While completely unintentional, who would've thought that Disney Animation Studios would make a film that speaks to increasing reports of police brutality on African Americans? Their film about prejudice existing in the police force and city council of a metropolis of mixed races and backgrounds hit home with audiences in 2016, making it one of the most potent films in Disney's history. But it's still a Disney film, so it still zips and entertains - and does so very well. The film is anchored by Officer Judy Hopps (Ginnifer Goodwin), a bright-eyed and bushy-tailed (don't ever say that to her face) new addition to the Zootopia Police Department. She is cheery, yet filled to the brim with determination and persistence. Her insistence on getting to the bottom of a missing otter case leads her to a forced partnership with con artist Nick Wilde, a fox played perfectly by Jason Bateman. The two play the odd couple partnership with expert sarcasm and zip and ultimately come to learn they've both been affected by prejudice. Zootopia is a great film in a great year of animation that included another entry on this list. It is one of the few that were also relevant to the times we were living.
Spider-Man: Into the Spider-Verse (2018)
Never would I believe at the beginning of this decade that a) a Spider-Man animated movie would be one of the most innovative animated films of the decade and b) a theatrically-released superhero film successfully adapted the concept of a multi-verse - and was a huge hit! Conceptually speaking, this thing seemed like a bad idea. Nothing about this film should work. Another Spider-Man? But a different one than the Andrew Garfield one and the MCU one? Won't audiences be confused? Won't audiences be burned out? Wait - there's multiple Spider-Men in it?! Won't audiences be confused? Won't audiences be burned out? It turns out, Into the Spider-Verse is brilliant on every level. While not a great intro to a superhero, it leaned heavily into our existing knowledge and understanding of Spider-Man and his rogues gallery. Green Goblin is a giant, winged beast? Sure, why not. Doc Ock is a female scientist? Certainly! It never feels the need to explain, things just are. AND... let's not forget the incredible animation that blended comic book pages, CGI, and 2D animation to make something that is very much of the past and the present. This is truly one of the greats that will stand the test of time.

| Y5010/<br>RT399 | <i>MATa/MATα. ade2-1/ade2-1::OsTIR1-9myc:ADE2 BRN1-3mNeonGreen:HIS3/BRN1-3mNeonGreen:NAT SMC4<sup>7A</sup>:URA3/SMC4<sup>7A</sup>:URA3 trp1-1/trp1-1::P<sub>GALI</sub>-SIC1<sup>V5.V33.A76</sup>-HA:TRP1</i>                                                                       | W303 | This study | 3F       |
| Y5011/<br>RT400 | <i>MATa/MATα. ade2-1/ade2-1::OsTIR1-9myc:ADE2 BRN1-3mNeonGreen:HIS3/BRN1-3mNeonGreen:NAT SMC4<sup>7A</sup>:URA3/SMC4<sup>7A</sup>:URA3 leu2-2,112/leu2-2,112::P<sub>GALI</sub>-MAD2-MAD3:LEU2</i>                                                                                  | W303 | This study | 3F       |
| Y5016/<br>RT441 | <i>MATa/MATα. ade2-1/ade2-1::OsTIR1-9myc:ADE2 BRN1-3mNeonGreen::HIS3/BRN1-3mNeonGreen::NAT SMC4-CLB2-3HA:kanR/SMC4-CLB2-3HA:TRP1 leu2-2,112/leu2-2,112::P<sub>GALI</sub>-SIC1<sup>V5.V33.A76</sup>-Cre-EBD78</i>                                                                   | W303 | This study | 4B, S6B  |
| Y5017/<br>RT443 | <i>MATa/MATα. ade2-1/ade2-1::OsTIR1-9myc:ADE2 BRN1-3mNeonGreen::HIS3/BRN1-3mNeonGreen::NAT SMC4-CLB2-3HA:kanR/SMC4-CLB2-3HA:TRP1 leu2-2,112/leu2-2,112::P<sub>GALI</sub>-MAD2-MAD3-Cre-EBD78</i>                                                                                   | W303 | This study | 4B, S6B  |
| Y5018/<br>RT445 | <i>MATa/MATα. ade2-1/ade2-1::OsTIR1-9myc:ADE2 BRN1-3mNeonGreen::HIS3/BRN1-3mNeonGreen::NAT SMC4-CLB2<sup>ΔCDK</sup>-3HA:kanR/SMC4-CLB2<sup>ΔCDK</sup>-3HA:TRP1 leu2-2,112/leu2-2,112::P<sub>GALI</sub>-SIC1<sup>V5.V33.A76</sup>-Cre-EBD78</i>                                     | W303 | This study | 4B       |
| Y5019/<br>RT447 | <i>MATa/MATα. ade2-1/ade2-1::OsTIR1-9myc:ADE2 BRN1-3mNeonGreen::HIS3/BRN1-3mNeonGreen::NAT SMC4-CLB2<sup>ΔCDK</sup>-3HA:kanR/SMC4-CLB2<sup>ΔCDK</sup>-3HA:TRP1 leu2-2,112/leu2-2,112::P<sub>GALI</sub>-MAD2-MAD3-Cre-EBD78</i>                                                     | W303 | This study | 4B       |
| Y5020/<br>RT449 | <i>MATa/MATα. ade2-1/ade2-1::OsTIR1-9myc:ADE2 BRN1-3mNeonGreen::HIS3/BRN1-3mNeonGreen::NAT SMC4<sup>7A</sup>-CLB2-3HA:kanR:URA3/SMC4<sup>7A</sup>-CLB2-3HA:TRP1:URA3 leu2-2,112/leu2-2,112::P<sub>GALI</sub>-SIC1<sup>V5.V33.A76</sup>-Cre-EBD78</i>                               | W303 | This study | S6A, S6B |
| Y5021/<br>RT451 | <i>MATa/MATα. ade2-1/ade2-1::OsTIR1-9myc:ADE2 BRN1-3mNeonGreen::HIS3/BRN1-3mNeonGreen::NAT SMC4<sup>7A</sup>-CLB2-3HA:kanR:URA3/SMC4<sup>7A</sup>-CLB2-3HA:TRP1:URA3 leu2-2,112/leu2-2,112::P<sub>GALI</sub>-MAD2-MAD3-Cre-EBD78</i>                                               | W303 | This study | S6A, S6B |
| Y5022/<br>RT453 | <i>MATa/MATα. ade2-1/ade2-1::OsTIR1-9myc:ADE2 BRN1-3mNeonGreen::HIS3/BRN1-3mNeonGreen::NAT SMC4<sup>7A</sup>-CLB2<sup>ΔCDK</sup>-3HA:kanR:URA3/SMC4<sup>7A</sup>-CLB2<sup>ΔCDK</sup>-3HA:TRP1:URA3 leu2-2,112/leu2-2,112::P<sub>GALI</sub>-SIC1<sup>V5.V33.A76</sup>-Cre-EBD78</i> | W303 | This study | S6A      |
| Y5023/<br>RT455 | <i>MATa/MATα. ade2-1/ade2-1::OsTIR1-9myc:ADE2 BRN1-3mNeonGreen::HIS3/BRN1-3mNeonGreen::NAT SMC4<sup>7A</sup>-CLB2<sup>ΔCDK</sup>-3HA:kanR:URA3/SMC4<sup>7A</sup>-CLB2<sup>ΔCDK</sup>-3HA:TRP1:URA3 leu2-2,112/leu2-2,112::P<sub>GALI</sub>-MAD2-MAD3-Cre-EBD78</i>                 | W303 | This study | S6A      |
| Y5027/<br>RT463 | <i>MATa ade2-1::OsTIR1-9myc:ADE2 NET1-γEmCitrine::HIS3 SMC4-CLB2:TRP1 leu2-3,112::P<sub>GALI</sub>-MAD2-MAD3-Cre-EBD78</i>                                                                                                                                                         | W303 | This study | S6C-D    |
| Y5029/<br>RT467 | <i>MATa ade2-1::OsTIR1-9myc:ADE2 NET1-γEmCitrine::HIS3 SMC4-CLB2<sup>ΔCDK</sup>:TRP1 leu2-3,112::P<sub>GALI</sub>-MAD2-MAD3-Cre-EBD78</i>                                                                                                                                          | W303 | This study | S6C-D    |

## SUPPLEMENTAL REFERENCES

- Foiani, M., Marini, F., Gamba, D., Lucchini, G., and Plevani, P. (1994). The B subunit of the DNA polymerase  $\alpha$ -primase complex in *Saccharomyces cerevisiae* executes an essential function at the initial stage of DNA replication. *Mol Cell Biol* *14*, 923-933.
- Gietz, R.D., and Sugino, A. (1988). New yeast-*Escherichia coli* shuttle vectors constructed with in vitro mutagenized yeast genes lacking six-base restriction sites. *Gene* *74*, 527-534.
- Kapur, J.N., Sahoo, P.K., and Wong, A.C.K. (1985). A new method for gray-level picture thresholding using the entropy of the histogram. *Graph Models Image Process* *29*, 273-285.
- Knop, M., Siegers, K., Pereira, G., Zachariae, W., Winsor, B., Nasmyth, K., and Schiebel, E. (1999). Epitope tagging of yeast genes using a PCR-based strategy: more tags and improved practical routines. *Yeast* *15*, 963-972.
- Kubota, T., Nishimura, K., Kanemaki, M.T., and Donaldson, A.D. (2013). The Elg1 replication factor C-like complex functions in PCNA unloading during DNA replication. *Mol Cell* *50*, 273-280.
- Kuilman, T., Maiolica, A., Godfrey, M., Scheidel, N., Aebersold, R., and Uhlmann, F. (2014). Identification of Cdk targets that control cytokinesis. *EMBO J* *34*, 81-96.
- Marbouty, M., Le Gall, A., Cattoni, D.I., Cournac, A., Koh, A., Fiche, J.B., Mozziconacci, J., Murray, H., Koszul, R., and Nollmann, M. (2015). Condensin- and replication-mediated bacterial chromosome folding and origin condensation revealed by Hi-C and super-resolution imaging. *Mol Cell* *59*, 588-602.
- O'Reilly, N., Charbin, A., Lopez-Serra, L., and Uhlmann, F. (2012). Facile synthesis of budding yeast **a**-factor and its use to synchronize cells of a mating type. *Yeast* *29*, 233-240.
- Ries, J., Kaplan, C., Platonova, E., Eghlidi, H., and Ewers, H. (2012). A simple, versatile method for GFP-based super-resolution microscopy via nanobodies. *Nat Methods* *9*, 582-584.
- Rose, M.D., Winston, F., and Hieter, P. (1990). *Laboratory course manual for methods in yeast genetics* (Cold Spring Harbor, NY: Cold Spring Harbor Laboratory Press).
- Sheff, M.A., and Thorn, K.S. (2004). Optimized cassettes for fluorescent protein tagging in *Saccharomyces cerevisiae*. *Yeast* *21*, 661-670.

Toy Story 3 (2010)
Ever since Pixar ushered in the era of CG animation, they have set the bar for quality storytelling. While they've stumbled quite a bit this decade with middling efforts (The Good Dinosaur) and sequelitis (Cars 2 & 3, Finding Dory) not up to that bar they set they certainly kicked the decade off right with this sequel to their flagship title. Taking the idea of a daycare center - where an endless rotation of kids play with toys year-by-year - and turning it on its head as a prison takes one brilliant idea and shapes it into another brilliant one that combines prison movies, horror, comedy, and tear-jerking drama. In Toy Story 2 the idea of actual physical harm to these toys was subverted, but in Toy Story 3 we actually bear witness to an actual threat - and resignation - to their existence. It is one of the studio's greatest moments. Along with that is the apparent farewell this film gives to a set of characters many audiences grew up with and all have grown to love. Pixar is about to undo that farewell by going back to the well this year. Whether or not that is justified remains to be seen. But with Toy Story 3 we have the best animated sequel and one of the greatest emotional experiences the decade had to offer.